5 Fun Activities for Babysitters of Autistic Children to Try

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5 Fun Activities for Babysitters of Autistic Children to Try Today

Babysitting can be challenging, whether or not you’re babysitting children with autism. It’s hard to keep kids’ attention these days, but that’s one of the fun parts of why you got into this job in the first place, right? Depending on where a child falls on the autism-spectrum, they will have different communication levels and abilities. So when you’re getting ready to go and babysit, you’ll want to plan activities and pack accordingly.

Some of the Best Activities for Autistic Children

When babysitting an autistic child or autistic children, you’ll want to do things that engage the child in the community or their surroundings. Studies have found that one of the things autistic children suffer from the most is a lack of physical activity. Some new research shows running to be extremely beneficial to children with autism in helping improve their focus, behavior and health. Activities that are designed to help children develop their motor skills by learning to work with directions and instructions are great, too.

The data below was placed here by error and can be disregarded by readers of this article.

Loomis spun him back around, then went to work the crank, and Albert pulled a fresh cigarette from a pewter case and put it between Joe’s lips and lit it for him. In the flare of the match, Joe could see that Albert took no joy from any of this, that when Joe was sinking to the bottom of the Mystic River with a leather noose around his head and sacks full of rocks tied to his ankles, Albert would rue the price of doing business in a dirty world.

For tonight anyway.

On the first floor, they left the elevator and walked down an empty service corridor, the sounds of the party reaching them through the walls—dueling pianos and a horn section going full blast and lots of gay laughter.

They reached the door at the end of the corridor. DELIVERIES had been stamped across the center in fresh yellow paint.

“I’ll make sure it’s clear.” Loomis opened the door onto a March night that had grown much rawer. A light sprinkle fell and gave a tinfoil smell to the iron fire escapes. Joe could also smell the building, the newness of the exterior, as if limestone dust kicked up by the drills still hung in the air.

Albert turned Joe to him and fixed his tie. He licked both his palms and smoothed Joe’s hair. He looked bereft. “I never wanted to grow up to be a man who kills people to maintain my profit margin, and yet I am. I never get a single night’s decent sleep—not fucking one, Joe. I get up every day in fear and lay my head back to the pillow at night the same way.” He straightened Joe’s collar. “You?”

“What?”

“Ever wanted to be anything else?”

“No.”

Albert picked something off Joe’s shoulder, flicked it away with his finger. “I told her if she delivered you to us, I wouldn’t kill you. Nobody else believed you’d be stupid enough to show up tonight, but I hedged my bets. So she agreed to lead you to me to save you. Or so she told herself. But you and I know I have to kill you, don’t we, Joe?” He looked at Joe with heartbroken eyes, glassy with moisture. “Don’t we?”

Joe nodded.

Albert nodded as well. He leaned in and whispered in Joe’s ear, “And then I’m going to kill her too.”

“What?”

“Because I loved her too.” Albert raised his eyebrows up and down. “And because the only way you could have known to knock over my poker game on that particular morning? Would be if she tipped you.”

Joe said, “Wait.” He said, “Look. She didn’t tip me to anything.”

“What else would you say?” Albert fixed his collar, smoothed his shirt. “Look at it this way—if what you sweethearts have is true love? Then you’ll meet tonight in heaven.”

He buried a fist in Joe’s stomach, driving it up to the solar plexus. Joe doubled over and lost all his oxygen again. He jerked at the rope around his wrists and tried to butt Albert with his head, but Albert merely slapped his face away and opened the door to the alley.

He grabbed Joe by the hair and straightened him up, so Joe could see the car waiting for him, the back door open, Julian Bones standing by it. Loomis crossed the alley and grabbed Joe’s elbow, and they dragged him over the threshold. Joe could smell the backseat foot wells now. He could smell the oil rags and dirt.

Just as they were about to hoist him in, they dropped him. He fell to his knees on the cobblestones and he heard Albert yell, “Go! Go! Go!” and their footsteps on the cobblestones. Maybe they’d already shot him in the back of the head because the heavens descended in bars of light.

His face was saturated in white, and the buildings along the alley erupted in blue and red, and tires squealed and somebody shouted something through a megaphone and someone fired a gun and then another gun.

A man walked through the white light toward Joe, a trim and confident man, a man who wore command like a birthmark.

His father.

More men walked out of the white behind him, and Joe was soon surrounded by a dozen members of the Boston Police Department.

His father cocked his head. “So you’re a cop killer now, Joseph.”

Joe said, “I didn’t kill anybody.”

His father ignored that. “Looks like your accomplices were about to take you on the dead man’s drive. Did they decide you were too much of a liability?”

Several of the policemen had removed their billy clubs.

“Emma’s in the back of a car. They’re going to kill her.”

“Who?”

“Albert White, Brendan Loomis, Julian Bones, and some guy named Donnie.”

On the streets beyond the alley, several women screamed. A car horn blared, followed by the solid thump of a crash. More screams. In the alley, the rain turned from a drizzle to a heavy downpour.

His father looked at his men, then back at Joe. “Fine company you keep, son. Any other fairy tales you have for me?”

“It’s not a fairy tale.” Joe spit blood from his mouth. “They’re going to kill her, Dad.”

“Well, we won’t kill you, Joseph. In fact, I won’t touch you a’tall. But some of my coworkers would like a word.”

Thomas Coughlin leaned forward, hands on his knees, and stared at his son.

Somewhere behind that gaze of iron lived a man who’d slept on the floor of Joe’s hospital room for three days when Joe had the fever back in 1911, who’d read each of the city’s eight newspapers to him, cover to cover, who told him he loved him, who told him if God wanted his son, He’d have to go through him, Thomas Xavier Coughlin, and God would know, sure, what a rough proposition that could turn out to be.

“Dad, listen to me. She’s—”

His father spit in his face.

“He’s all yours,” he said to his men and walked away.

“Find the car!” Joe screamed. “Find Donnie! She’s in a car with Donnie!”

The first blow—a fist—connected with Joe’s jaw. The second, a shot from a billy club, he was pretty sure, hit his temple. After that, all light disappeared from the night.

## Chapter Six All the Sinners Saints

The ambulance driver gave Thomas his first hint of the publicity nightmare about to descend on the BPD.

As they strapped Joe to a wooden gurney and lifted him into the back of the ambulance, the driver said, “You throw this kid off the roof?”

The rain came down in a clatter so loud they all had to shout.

In case you don’t have the luxury of a lot of backyard space to work with, we’ve got some of the best activities you can try out the next time you’re babysitting an autistic child. One way you can get around limited space is with a balance board or portable trampoline. One of the best children’s’ trampolines, especially for kids with autism, is the Fold & Go by the Original Toy Company. Its compact, foldable design makes it portable and it has a handle and spring-free design for enhanced safety. 

Chances are, the child’s parents will have a selection of toys, games and activities that you can choose from. Just ask them which ones are the favorites to get an idea of what activities to try first. But like the Boy Scouts say, it’s always best to be prepared.

Toys and Games You Can Throw In Your Bag 

Children with autism like toys just like every other child does, but certain toys are more helpful in helping autistic kids enhance certain developmental skills and behavior. Toys that provide a stimulus like a toy car or monkey that comes to life with the flip of a button, or fiber optic toys that have the ability to play music with the flip of a switch — called stimulus reward toys and switch adapted toys — are made for these exact reasons. When thinking of toys that you can play with when babysitting an autistic kid, think multi-sensory and sensory-rich. Old-school Lite Brite, anyone? If all else fails, give your iPhone or Android a spin; there are plenty of apps and games designed to enrich the senses that you can try.

Activity games that can be played with another child or alone are great to have on hand. They help with socialization, memory and other essential skills. Check out the book-sized Sandwich Stacking Game by Melissa & Doug to work on improving memory and matching skills by having the child build a sandwich piece by piece; and for autistic children who struggle with the sense of touch GuideCraft’s 3D Feel & Find game is a great activity, too.  

Babysitting Autistic Children: From the Parent’s Perspective